• Sepsis

    Sepsis, one type of the condition known as systemic inflammatory response syndrome (SIRS), is a serious illness of the bloodstream caused by toxin-producing bacteria. Though the bacterial infection can originate from anywhere in the body, some common locations include:

    • Lungs (e.g., bacterial pneumonia)
    • Kidneys (e.g. upper urinary tract infection)
    • Skin (e.g., cellulitis)
    • Liver or gallbladder
    • Bowel

    When a patient acquires sepsis while hospitalized for the treatment of another medical condition, common sources of infection include surgical wounds, surgical drains, intravenous lines and areas of skin breakdown (e.g., bedsores). In the event of infection, these sources would be removed.

    Sepsis is often a life-threatening illness, particularly when it affects people with co-existing medical conditions or weakened immune systems. In fact, the mortality rate in these delicate cases can be as high as 60 percent. Symptoms of sepsis include:

    • Change in mental status (e.g. confusion)
    • Hyperventilation
    • Fever or low body temperature
    • Chills
    • Rapid heartbeat
    • Skin rash 

    Sepsis causes a severe drop in blood pressure, which can ultimately result in shock. The body's response to becoming septic is for major organ systems–including the kidneys, liver, lungs and central nervous system–to begin shutting down.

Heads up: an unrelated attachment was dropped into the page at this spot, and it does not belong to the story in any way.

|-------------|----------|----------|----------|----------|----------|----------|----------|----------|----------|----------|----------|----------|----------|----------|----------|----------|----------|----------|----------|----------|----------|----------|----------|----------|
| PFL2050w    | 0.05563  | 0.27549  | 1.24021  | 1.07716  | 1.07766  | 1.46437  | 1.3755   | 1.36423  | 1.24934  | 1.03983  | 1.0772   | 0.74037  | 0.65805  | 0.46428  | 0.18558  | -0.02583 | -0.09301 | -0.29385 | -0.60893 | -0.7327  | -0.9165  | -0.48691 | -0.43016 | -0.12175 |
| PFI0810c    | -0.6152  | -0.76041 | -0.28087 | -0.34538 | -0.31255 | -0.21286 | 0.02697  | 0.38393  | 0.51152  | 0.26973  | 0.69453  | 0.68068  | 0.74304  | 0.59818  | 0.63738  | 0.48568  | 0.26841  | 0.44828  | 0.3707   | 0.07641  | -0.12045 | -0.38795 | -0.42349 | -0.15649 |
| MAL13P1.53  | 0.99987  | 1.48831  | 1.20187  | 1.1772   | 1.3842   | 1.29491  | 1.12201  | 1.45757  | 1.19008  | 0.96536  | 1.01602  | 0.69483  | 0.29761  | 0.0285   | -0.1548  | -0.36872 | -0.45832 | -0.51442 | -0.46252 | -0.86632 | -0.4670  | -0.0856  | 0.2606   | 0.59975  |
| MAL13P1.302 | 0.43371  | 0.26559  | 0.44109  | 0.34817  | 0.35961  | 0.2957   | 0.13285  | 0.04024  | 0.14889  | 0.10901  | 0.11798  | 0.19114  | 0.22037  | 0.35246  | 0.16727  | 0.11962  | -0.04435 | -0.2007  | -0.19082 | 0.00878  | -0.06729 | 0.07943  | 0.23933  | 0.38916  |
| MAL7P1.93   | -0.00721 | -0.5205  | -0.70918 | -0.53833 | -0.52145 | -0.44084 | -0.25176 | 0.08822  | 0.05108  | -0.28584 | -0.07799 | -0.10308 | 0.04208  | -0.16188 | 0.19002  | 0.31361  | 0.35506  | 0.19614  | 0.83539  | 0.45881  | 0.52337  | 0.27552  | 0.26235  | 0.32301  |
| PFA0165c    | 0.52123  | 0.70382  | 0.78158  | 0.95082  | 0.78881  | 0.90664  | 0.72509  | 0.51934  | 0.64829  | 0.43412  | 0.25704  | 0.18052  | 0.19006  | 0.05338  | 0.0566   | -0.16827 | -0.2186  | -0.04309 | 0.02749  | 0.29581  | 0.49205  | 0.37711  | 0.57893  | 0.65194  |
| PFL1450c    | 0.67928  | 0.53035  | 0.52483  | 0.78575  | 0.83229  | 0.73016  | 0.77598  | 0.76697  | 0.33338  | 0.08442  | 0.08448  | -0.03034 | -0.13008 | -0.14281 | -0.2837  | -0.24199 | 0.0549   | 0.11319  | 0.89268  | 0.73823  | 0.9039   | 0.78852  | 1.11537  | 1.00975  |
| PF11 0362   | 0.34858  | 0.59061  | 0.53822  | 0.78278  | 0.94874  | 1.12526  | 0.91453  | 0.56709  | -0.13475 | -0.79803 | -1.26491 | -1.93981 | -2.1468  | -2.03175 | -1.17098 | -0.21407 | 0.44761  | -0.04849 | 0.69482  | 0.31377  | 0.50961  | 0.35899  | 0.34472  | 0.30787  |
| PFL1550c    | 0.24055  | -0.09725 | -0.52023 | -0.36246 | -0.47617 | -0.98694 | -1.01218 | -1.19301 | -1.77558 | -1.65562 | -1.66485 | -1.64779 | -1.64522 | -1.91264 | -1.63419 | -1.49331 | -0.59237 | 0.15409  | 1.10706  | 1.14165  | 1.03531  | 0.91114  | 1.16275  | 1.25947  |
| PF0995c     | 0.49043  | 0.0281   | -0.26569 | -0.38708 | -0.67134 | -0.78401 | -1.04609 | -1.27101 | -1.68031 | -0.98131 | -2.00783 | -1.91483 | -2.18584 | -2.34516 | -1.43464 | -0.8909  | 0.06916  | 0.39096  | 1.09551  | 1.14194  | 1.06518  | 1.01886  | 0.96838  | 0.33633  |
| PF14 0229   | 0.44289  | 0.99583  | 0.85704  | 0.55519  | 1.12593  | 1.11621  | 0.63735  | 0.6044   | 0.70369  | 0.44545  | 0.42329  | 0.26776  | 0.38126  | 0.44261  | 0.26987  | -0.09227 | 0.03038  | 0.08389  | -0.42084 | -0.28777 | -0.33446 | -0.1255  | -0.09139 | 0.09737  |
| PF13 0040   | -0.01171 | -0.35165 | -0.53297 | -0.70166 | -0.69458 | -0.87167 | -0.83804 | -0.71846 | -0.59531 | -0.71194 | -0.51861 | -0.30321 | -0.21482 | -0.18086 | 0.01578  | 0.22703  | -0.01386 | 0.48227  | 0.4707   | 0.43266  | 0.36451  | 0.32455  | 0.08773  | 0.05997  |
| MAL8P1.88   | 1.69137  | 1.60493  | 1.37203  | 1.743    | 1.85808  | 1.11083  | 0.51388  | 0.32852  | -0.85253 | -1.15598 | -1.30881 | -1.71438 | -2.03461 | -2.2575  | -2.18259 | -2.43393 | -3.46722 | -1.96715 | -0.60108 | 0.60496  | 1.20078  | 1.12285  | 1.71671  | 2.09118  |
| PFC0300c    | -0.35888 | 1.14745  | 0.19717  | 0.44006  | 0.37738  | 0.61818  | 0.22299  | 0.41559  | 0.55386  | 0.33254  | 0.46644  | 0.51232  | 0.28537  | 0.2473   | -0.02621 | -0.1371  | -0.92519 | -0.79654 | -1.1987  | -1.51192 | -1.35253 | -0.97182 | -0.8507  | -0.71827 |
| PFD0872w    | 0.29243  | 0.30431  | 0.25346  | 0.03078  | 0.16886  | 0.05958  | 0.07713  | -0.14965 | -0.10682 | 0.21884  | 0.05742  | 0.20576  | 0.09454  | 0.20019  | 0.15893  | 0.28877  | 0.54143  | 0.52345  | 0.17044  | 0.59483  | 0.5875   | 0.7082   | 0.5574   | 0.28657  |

When sepsis is suspected, a blood culture is often helpful in confirming the diagnosis. As a further precaution, however, additional tests may be performed to reinforce the findings, as a false negative blood culture may result if the patient was receiving antibiotics capable of masking the bacteria's presence. These additional tests may include blood gas analysis, kidney function tests and platelet counts.

    It is important for physicians to determine the underlying cause of the sepsis, in order to provide the patient with the most appropriate and effective treatment. All septic patients require careful monitoring in an intensive care setting, including the administration of a broad range of intravenous antibiotics to eliminate the infection. The added use of oxygen and medications to help raise blood pressure may be needed to help the patient fight the infection. If respiratory failure occurs, the mechanical support of a ventilator also would be required. Similarly, if kidney failure occurs, the patient would need to receive dialysis in order to have a fighting chance at survival. 
     

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  • An introduction from Dr. Andrew Villanueva